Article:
Whether there is life on Titan, the largest moon of Saturn, is at present an open question and a topic of scientific assessment and research. Titan is far colder than Earth, and its surface lacks stable liquid water, factors which have led some scientists to consider life there unlikely. On the other hand, its thick atmosphere is chemically active and rich in carbon compounds. On the surface there are bodies of liquid methane and ethane, and it is likely that there is a layer of liquid water under its ice shell; some scientists speculate that these liquid mixes may provide pre-biotic chemistry for living cells different from those on Earth.
In June 2010, scientists analysing data from the Cassini–Huygens mission reported anomalies in the atmosphere near the surface which could be consistent with the presence of methane-producing organisms, but may alternatively be due to non-living chemical or meteorological processes. The Cassini–Huygens mission was not equipped to look directly for micro-organisms or to provide a thorough inventory of complex organic compounds.
Morbin – Bengali Hop
Rocker’s Hi Fi – Going Under (K&D Session TM)
Deya Dova – Deya Dova – Return of the Bird Tribes (saQi Remix)
NASA spacecraft typically rely on human-controlled radio systems to communicate with Earth. As collection of space data increases, NASA looks to cognitive radio, the infusion of artificial intelligence into space communications networks, to meet demand and increase efficiency.
“Modern space communications systems use complex software to support science and exploration missions,” said Janette C. Briones, principal investigator in the cognitive communication project at NASA’s Glenn Research Center in Cleveland, Ohio. “By applying artificial intelligence and machine learning, satellites control these systems seamlessly, making real-time decisions without awaiting instruction.”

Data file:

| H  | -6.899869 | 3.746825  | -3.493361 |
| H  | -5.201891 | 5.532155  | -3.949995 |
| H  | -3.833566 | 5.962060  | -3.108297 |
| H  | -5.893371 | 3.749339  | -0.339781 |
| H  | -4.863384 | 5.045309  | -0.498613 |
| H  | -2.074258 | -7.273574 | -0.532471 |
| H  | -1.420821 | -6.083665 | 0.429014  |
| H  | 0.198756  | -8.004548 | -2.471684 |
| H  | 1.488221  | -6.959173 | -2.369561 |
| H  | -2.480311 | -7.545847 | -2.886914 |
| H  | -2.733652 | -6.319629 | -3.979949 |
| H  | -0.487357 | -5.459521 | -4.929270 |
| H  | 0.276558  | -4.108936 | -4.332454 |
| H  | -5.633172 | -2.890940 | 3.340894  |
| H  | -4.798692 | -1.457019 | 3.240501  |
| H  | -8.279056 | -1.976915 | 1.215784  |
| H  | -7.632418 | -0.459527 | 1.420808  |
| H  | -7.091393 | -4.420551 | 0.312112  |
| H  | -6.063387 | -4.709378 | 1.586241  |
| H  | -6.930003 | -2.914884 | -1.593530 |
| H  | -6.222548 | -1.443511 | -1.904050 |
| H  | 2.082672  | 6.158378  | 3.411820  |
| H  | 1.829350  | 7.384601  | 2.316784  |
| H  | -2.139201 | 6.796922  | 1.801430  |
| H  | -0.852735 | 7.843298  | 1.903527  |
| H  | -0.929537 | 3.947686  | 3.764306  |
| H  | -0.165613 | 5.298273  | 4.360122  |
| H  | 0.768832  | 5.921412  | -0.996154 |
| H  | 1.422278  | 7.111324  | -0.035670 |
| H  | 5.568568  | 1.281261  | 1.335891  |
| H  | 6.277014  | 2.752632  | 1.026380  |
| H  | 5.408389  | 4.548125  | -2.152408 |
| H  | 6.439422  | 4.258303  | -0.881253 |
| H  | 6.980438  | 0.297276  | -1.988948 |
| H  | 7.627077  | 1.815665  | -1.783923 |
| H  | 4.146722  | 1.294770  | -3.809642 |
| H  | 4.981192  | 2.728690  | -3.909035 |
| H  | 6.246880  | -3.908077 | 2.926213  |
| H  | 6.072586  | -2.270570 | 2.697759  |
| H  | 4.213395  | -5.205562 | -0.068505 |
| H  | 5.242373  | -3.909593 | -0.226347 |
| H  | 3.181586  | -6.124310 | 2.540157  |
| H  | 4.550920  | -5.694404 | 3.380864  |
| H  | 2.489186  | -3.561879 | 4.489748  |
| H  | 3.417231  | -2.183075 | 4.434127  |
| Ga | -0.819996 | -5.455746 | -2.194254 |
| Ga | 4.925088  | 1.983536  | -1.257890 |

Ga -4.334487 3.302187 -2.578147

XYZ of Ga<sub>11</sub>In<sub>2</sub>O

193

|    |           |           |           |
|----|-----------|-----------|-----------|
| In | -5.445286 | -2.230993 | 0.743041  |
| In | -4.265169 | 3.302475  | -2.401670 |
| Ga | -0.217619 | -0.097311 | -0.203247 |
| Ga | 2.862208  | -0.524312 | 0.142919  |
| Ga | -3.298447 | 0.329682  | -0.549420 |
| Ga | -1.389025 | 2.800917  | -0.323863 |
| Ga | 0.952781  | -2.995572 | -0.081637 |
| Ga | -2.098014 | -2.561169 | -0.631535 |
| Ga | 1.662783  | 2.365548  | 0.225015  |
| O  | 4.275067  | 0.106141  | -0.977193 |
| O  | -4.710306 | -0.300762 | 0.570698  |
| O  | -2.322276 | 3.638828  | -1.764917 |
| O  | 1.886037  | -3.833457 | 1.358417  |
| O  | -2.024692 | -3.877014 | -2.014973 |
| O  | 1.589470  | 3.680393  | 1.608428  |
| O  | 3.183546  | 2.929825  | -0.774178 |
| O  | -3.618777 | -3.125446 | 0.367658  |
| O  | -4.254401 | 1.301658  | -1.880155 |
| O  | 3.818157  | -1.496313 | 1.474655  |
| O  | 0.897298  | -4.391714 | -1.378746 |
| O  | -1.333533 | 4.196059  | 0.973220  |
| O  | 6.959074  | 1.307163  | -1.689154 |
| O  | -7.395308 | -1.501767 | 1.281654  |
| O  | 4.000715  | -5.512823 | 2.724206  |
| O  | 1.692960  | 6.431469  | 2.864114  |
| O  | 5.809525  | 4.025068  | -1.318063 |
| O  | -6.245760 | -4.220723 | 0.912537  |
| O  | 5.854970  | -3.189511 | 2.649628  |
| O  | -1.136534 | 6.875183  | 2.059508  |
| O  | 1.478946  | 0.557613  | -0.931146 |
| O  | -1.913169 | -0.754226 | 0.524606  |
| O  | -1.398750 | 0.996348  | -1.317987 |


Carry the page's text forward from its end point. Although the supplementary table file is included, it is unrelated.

The first direct gravitational wave observation was made on 14 September 2015 and was announced by the LIGO and Virgo interferometer collaborations on 11 February 2016. The waveform, detected by both LIGO observatories, matched the predictions of general relativity for a gravitational wave emanating from the inward spiral and merger of a pair of black holes and subsequent “ringdown” of the single resulting black hole. The signal was named GW150914 (i.e., “Gravitational Wave 2015–09–14“). This was also the first observation of a binary black hole merger, demonstrating the existence of binary stellar-mass black hole systems, and that such mergers could occur within the current age of the universe.
This first observation was reported around the world as a remarkable accomplishment for many reasons. Efforts to prove the existence of such waves had been ongoing for over fifty years, and the waves are so minuscule that Einstein doubted they could ever be detected. The waves given off by the cataclysmic merger of GW150914 reached Earth as a ripple in space-time that changed the length of a 4-km LIGO arm by a tiny fraction of the width of a proton, proportionally equivalent to changing the distance to the nearest star by one hair’s width. The energy released during the brief climax of the event was immense, with about three solar masses converted to gravitational waves and radiated away at a peak rate of about 3.6×1049 watts — more than the combined power of all light radiated by all the stars in the observable universe. The observation was also heralded as confirming the last remaining unproven prediction of general relativity, and validating its predictions of space-time distortion in the context of large scale cosmic events, as well as inaugurating a new era of gravitational-wave astronomy, allowing probing of violent astrophysical events unobservable until now.